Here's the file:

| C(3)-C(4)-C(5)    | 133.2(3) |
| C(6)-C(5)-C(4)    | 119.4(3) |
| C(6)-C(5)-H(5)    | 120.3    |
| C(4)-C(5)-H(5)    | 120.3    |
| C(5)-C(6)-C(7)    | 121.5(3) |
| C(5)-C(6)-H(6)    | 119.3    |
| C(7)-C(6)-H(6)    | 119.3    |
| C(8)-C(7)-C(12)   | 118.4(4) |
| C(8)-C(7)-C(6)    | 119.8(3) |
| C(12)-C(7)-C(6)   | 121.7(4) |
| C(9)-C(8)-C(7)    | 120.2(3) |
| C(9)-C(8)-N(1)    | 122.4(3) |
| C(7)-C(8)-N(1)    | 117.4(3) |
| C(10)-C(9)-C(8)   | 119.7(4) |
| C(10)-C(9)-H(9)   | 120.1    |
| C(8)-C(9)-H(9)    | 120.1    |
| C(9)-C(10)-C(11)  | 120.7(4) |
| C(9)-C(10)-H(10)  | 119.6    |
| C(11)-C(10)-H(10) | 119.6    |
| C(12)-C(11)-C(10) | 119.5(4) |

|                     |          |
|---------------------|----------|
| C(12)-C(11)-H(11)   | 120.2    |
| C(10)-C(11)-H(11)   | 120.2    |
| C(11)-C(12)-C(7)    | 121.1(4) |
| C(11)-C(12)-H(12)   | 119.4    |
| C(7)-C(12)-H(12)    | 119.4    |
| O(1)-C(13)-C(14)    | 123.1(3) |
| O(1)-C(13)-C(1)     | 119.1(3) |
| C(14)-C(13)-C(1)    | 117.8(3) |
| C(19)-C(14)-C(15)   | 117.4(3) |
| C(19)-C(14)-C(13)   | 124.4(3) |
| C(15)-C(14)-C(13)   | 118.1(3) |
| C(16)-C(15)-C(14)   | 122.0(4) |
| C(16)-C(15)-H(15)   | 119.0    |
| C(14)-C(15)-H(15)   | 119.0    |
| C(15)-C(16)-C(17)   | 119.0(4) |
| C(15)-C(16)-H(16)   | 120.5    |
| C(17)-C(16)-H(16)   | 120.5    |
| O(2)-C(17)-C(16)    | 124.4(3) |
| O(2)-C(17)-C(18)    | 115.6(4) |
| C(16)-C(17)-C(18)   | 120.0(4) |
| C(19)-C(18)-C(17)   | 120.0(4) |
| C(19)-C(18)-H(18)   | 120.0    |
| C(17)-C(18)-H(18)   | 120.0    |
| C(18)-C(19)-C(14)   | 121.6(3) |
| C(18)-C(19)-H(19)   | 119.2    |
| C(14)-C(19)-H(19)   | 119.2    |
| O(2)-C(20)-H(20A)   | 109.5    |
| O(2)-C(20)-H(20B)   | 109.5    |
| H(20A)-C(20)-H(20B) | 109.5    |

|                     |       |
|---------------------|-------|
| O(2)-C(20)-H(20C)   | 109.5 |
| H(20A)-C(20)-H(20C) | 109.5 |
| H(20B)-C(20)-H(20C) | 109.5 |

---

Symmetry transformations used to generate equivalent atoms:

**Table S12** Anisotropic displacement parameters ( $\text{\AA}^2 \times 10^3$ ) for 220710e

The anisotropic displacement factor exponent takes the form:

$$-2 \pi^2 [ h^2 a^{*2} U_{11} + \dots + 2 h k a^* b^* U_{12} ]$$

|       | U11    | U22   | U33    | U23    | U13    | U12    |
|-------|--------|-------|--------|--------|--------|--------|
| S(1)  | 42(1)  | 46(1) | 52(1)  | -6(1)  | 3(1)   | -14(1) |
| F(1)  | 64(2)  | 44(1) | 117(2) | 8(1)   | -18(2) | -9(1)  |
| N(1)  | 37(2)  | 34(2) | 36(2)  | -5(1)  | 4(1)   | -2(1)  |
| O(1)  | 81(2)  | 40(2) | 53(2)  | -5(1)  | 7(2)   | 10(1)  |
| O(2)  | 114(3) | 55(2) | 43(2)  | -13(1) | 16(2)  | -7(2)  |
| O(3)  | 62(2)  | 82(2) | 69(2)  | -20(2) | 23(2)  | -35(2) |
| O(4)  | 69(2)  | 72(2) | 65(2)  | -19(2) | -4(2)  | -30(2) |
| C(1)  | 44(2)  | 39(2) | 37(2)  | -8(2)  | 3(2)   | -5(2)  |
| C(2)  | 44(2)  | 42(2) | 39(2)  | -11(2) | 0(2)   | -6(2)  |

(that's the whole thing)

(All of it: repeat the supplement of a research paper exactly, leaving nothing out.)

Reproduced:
| C(3)-C(4)-C(5)    | 133.2(3) |
| C(6)-C(5)-C(4)    | 119.4(3) |
| C(6)-C(5)-H(5)    | 120.3    |
| C(4)-C(5)-H(5)    | 120.3    |
| C(5)-C(6)-C(7)    | 121.5(3) |
| C(5)-C(6)-H(6)    | 119.3    |
| C(7)-C(6)-H(6)    | 119.3    |
| C(8)-C(7)-C(12)   | 118.4(4) |
| C(8)-C(7)-C(6)    | 119.8(3) |
| C(12)-C(7)-C(6)   | 121.7(4) |
| C(9)-C(8)-C(7)    | 120.2(3) |
| C(9)-C(8)-N(1)    | 122.4(3) |
| C(7)-C(8)-N(1)    | 117.4(3) |
| C(10)-C(9)-C(8)   | 119.7(4) |
| C(10)-C(9)-H(9)   | 120.1    |
| C(8)-C(9)-H(9)    | 120.1    |
| C(9)-C(10)-C(11)  | 120.7(4) |
| C(9)-C(10)-H(10)  | 119.6    |
| C(11)-C(10)-H(10) | 119.6    |
| C(12)-C(11)-C(10) | 119.5(4) |

|                     |          |
|---------------------|----------|
| C(12)-C(11)-H(11)   | 120.2    |
| C(10)-C(11)-H(11)   | 120.2    |
| C(11)-C(12)-C(7)    | 121.1(4) |
| C(11)-C(12)-H(12)   | 119.4    |
| C(7)-C(12)-H(12)    | 119.4    |
| O(1)-C(13)-C(14)    | 123.1(3) |
| O(1)-C(13)-C(1)     | 119.1(3) |
| C(14)-C(13)-C(1)    | 117.8(3) |
| C(19)-C(14)-C(15)   | 117.4(3) |
| C(19)-C(14)-C(13)   | 124.4(3) |
| C(15)-C(14)-C(13)   | 118.1(3) |
| C(16)-C(15)-C(14)   | 122.0(4) |
| C(16)-C(15)-H(15)   | 119.0    |
| C(14)-C(15)-H(15)   | 119.0    |
| C(15)-C(16)-C(17)   | 119.0(4) |
| C(15)-C(16)-H(16)   | 120.5    |
| C(17)-C(16)-H(16)   | 120.5    |
| O(2)-C(17)-C(16)    | 124.4(3) |
| O(2)-C(17)-C(18)    | 115.6(4) |
| C(16)-C(17)-C(18)   | 120.0(4) |
| C(19)-C(18)-C(17)   | 120.0(4) |
| C(19)-C(18)-H(18)   | 120.0    |
| C(17)-C(18)-H(18)   | 120.0    |
| C(18)-C(19)-C(14)   | 121.6(3) |
| C(18)-C(19)-H(19)   | 119.2    |
| C(14)-C(19)-H(19)   | 119.2    |
| O(2)-C(20)-H(20A)   | 109.5    |
| O(2)-C(20)-H(20B)   | 109.5    |
| H(20A)-C(20)-H(20B) | 109.5    |

|                     |       |
|---------------------|-------|
| O(2)-C(20)-H(20C)   | 109.5 |
| H(20A)-C(20)-H(20C) | 109.5 |
| H(20B)-C(20)-H(20C) | 109.5 |

---

Symmetry transformations used to generate equivalent atoms:

**Table S12** Anisotropic displacement parameters ( $\text{\AA}^2 \times 10^3$ ) for 220710e

The anisotropic displacement factor exponent takes the form:

$$-2 \pi^2 [ h^2 a^{*2} U_{11} + \dots + 2 h k a^* b^* U_{12} ]$$

|       | U11    | U22   | U33    | U23    | U13    | U12    |
|-------|--------|-------|--------|--------|--------|--------|
| S(1)  | 42(1)  | 46(1) | 52(1)  | -6(1)  | 3(1)   | -14(1) |
| F(1)  | 64(2)  | 44(1) | 117(2) | 8(1)   | -18(2) | -9(1)  |
| N(1)  | 37(2)  | 34(2) | 36(2)  | -5(1)  | 4(1)   | -2(1)  |
| O(1)  | 81(2)  | 40(2) | 53(2)  | -5(1)  | 7(2)   | 10(1)  |
| O(2)  | 114(3) | 55(2) | 43(2)  | -13(1) | 16(2)  | -7(2)  |
| O(3)  | 62(2)  | 82(2) | 69(2)  | -20(2) | 23(2)  | -35(2) |
| O(4)  | 69(2)  | 72(2) | 65(2)  | -19(2) | -4(2)  | -30(2) |
| C(1)  | 44(2)  | 39(2) | 37(2)  | -8(2)  | 3(2)   | -5(2)  |
| C(2)  | 44(2)  | 42(2) | 39(2)  | -11(2) | 0(2)   | -6(2)  |